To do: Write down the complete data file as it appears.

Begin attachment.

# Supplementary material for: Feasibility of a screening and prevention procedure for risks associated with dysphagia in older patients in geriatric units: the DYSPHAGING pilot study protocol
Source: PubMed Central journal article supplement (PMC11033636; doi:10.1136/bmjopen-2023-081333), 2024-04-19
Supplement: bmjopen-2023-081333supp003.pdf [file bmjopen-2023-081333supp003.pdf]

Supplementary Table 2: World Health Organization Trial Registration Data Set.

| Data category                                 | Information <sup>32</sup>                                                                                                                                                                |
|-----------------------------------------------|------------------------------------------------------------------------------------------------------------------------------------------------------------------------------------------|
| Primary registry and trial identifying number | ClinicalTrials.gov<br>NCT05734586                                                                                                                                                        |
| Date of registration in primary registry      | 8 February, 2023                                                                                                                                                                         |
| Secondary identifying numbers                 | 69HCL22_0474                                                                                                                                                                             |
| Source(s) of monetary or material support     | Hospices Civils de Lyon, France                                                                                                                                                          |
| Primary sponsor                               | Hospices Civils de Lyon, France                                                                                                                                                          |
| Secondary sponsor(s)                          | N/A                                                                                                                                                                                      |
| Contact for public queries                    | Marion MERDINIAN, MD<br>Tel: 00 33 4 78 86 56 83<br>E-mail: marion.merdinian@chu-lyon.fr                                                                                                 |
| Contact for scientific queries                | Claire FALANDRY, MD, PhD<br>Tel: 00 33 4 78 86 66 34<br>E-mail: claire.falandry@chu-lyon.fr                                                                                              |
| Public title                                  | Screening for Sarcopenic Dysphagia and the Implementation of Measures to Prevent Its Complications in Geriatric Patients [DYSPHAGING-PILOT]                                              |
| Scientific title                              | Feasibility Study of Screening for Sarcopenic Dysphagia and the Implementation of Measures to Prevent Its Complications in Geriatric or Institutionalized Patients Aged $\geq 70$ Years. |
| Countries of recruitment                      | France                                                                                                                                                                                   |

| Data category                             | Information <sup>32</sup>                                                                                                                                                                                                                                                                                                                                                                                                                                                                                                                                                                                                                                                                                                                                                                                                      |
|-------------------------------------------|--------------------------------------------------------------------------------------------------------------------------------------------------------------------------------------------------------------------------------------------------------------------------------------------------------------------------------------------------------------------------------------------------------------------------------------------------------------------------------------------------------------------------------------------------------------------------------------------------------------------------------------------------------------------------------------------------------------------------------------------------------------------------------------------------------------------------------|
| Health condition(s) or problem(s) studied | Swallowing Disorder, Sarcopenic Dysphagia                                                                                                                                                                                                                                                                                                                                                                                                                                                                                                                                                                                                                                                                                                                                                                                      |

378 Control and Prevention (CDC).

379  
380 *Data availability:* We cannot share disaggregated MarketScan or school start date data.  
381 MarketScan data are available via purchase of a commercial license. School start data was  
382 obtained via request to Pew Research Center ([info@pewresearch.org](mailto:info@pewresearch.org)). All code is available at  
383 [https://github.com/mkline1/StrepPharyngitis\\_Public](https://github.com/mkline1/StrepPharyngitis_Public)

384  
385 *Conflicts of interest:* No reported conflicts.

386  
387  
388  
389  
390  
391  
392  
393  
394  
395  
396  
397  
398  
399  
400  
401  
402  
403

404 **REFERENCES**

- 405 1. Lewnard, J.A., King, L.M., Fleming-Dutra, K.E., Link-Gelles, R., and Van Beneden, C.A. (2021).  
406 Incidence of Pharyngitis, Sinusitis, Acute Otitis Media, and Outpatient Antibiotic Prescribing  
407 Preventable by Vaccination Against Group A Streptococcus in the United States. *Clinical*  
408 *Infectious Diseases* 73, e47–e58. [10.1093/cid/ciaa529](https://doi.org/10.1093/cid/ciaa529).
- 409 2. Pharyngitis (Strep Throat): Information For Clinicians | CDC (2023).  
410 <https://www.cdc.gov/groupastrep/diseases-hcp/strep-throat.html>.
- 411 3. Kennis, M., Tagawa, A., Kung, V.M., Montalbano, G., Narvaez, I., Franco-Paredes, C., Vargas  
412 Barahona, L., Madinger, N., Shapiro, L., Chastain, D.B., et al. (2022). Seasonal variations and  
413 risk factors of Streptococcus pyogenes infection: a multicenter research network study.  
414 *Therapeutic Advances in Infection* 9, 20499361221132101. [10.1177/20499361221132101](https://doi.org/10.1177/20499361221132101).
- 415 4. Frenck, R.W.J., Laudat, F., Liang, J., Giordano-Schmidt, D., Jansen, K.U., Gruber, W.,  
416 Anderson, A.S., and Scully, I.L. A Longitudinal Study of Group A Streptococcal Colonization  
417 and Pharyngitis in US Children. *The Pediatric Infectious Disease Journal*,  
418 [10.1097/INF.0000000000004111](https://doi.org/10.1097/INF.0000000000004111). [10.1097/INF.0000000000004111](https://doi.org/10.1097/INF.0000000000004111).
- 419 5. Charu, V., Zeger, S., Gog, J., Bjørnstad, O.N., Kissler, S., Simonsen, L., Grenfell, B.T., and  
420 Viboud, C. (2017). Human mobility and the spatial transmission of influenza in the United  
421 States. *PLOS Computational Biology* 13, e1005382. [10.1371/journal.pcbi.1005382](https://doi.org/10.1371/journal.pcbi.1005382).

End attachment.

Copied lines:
# Supplementary material for: Feasibility of a screening and prevention procedure for risks associated with dysphagia in older patients in geriatric units: the DYSPHAGING pilot study protocol
Source: PubMed Central journal article supplement (PMC11033636; doi:10.1136/bmjopen-2023-081333), 2024-04-19
Supplement: bmjopen-2023-081333supp003.pdf [file bmjopen-2023-081333supp003.pdf]

Supplementary Table 2: World Health Organization Trial Registration Data Set.

| Data category                                 | Information <sup>32</sup>                                                                                                                                                                |
|-----------------------------------------------|------------------------------------------------------------------------------------------------------------------------------------------------------------------------------------------|
| Primary registry and trial identifying number | ClinicalTrials.gov<br>NCT05734586                                                                                                                                                        |
| Date of registration in primary registry      | 8 February, 2023                                                                                                                                                                         |
| Secondary identifying numbers                 | 69HCL22_0474                                                                                                                                                                             |
| Source(s) of monetary or material support     | Hospices Civils de Lyon, France                                                                                                                                                          |
| Primary sponsor                               | Hospices Civils de Lyon, France                                                                                                                                                          |
| Secondary sponsor(s)                          | N/A                                                                                                                                                                                      |
| Contact for public queries                    | Marion MERDINIAN, MD<br>Tel: 00 33 4 78 86 56 83<br>E-mail: marion.merdinian@chu-lyon.fr                                                                                                 |
| Contact for scientific queries                | Claire FALANDRY, MD, PhD<br>Tel: 00 33 4 78 86 66 34<br>E-mail: claire.falandry@chu-lyon.fr                                                                                              |
| Public title                                  | Screening for Sarcopenic Dysphagia and the Implementation of Measures to Prevent Its Complications in Geriatric Patients [DYSPHAGING-PILOT]                                              |
| Scientific title                              | Feasibility Study of Screening for Sarcopenic Dysphagia and the Implementation of Measures to Prevent Its Complications in Geriatric or Institutionalized Patients Aged $\geq 70$ Years. |
| Countries of recruitment                      | France                                                                                                                                                                                   |

| Data category                             | Information <sup>32</sup>                                                                                                                                                                                                                                                                                                                                                                                                                                                                                                                                                                                                                                                                                                                                                                                                      |
|-------------------------------------------|--------------------------------------------------------------------------------------------------------------------------------------------------------------------------------------------------------------------------------------------------------------------------------------------------------------------------------------------------------------------------------------------------------------------------------------------------------------------------------------------------------------------------------------------------------------------------------------------------------------------------------------------------------------------------------------------------------------------------------------------------------------------------------------------------------------------------------|
| Health condition(s) or problem(s) studied | Swallowing Disorder, Sarcopenic Dysphagia                                                                                                                                                                                                                                                                                                                                                                                                                                                                                                                                                                                                                                                                                                                                                                                      |

378 Control and Prevention (CDC).

379  
380 *Data availability:* We cannot share disaggregated MarketScan or school start date data.  
381 MarketScan data are available via purchase of a commercial license. School start data was  
382 obtained via request to Pew Research Center ([info@pewresearch.org](mailto:info@pewresearch.org)). All code is available at  
383 [https://github.com/mkline1/StrepPharyngitis\\_Public](https://github.com/mkline1/StrepPharyngitis_Public)

384  
385 *Conflicts of interest:* No reported conflicts.

386  
387  
388  
389  
390  
391  
392  
393  
394  
395  
396  
397  
398  
399  
400  
401  
402  
403

404 **REFERENCES**

- 405 1. Lewnard, J.A., King, L.M., Fleming-Dutra, K.E., Link-Gelles, R., and Van Beneden, C.A. (2021).  
406 Incidence of Pharyngitis, Sinusitis, Acute Otitis Media, and Outpatient Antibiotic Prescribing  
407 Preventable by Vaccination Against Group A Streptococcus in the United States. *Clinical*  
408 *Infectious Diseases* 73, e47–e58. [10.1093/cid/ciaa529](https://doi.org/10.1093/cid/ciaa529).
- 409 2. Pharyngitis (Strep Throat): Information For Clinicians | CDC (2023).  
410 <https://www.cdc.gov/groupastrep/diseases-hcp/strep-throat.html>.
- 411 3. Kennis, M., Tagawa, A., Kung, V.M., Montalbano, G., Narvaez, I., Franco-Paredes, C., Vargas  
412 Barahona, L., Madinger, N., Shapiro, L., Chastain, D.B., et al. (2022). Seasonal variations and  
413 risk factors of Streptococcus pyogenes infection: a multicenter research network study.  
414 *Therapeutic Advances in Infection* 9, 20499361221132101. [10.1177/20499361221132101](https://doi.org/10.1177/20499361221132101).
- 415 4. Frenck, R.W.J., Laudat, F., Liang, J., Giordano-Schmidt, D., Jansen, K.U., Gruber, W.,  
416 Anderson, A.S., and Scully, I.L. A Longitudinal Study of Group A Streptococcal Colonization  
417 and Pharyngitis in US Children. *The Pediatric Infectious Disease Journal*,  
418 [10.1097/INF.0000000000004111](https://doi.org/10.1097/INF.0000000000004111). [10.1097/INF.0000000000004111](https://doi.org/10.1097/INF.0000000000004111).
- 419 5. Charu, V., Zeger, S., Gog, J., Bjørnstad, O.N., Kissler, S., Simonsen, L., Grenfell, B.T., and  
420 Viboud, C. (2017). Human mobility and the spatial transmission of influenza in the United  
421 States. *PLOS Computational Biology* 13, e1005382. [10.1371/journal.pcbi.1005382](https://doi.org/10.1371/journal.pcbi.1005382).